English science fiction great Brian Aldiss, author behind Spielberg film 'AI,' dies at 92

Aldiss helped shape and elevate the science fiction genre, but he recognized its mutability.

Aldiss's 1969 short story 'Super-Toys Last All Summer Long,' about the struggle a woman has connecting with her son, an artificially intelligent robot named David, was eventually adapted into the Steven Spielberg film 'AI Artificial Intelligence.'

One of the literary greats of science fiction, Brian Aldiss, a writer whose tales of alien empires, climate change, and the isolation of robots, helped elevate a genre, has died at 92.

The author, editor, artist, poet, and memoirist leaves behind four children, seven grandchildren, as well as more than 80 books, 40 anthologies, and numerous essays, short stories, and poems.

Mr. Aldiss is perhaps best known for science fiction classics including the 1958 space travel novel, “Non-Stop;” the dystopian “Hothouse,” in which half the Earth is covered by a towering banyan tree; the 1964 “Greybeard,” about a world without young people; the 1980s “Helliconia” trilogy, about a planet with centuries-long seasons and ice ages; and the 1969 short story “Super-Toys Last All Summer Long,” about the struggle a woman has connecting with her son, an artificially intelligent robot named David, a work that was eventually adapted into the Steven Spielberg film “AI Artificial Intelligence.”

Aldiss, who was inspired by H.G. Wells and corresponded with J.R.R. Tolkien and CS Lewis, was praised throughout the literary world.

English author Neil Gaiman described his career as “enormous.”

“It has recapitulated British SF, always with a ferocious intelligence, always with poetry and oddness, always with passion; while his work outside the boundaries of science fiction, as a writer of mainstream fiction, gained respect and attention from the wider world,” he wrote in an introduction to a new edition of “Hothouse.”

On Twitter, he described Aldiss as a “larger than life wise writer,” adding that the news “just hit me like a meteor to the heart.”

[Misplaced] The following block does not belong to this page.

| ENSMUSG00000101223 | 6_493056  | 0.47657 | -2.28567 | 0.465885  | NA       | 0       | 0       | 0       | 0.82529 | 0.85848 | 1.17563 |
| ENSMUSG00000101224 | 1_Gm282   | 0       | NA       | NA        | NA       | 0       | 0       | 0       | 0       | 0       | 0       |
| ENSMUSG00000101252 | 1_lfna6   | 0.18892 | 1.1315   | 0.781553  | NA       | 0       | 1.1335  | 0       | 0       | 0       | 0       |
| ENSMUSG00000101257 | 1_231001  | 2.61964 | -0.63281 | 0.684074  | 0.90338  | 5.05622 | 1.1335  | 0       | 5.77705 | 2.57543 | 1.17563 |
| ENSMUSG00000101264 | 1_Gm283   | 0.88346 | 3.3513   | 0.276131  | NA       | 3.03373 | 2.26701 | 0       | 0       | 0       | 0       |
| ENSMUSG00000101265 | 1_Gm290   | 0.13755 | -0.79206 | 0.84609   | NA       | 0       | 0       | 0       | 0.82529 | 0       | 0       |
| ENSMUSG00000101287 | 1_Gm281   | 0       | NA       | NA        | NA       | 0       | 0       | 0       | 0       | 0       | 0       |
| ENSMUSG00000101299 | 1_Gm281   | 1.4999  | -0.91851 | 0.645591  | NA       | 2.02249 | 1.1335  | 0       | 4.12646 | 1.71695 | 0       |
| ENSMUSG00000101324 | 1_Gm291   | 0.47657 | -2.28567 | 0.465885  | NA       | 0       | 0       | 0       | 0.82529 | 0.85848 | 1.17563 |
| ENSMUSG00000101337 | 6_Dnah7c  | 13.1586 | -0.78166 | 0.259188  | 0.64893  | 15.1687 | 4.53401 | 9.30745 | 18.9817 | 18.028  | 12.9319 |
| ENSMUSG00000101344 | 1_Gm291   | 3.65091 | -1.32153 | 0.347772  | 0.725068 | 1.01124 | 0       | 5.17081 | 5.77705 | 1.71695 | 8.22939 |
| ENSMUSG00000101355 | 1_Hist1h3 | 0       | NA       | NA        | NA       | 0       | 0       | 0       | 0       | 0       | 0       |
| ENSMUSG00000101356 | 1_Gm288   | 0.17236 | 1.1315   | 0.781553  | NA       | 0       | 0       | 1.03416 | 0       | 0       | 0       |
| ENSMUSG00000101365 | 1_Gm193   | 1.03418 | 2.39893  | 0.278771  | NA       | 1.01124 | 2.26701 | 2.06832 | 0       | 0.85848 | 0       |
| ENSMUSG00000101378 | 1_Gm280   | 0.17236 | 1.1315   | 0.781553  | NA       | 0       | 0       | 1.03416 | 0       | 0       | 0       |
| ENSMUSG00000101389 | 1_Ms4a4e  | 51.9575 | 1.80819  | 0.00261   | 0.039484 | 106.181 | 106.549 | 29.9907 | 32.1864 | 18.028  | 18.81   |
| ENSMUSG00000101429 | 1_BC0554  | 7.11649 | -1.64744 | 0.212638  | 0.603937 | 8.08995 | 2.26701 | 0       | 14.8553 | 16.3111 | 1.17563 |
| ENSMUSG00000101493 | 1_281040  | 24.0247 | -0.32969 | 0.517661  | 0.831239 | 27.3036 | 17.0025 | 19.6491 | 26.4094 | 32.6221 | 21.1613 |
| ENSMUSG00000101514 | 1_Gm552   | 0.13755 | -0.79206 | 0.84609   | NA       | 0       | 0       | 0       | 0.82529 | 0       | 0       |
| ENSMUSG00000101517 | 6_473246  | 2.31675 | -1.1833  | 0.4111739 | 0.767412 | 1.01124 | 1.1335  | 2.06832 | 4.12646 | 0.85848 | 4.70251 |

Scottish author Stuart Kelly described Aldiss as “the grand old man of British science fiction.”

And English science fiction novelist Adam Roberts called him “a giant of the genre.”

Among the many awards and recognitions Aldiss received were the Hugo and Nebula prizes for science fiction and fantasy.

The author was born in 1925 to a shopkeeper father who beat him and then made him shake hands to “prove that we were still friends.” As a 3-year-old, young Aldiss began to write stories that his mother would bind and put on the shelf. After a younger sister was born, he was sent away to boarding school where he was beaten for telling ghost stories after dark, which inspired the first Horatio Stubbs novel, “The Hand-Reared Boy.”

He joined the Royal Signals during World War II and saw action in Burma, an experience that inspired the Horatio Stubbs books “A Soldier Erect,” and “A Rude Awakening.”

Aldiss helped shape and elevate the science fiction genre, but he recognized its mutability.

As he told Publishers Weekly in 1985, “I don’t look upon science fiction as a genre at all; rather it contains genres. For a bit it was the open space opera that was in vogue. Then the catastrophe novel. For every kind of story that gets used up, another will always take its place.”

 

 

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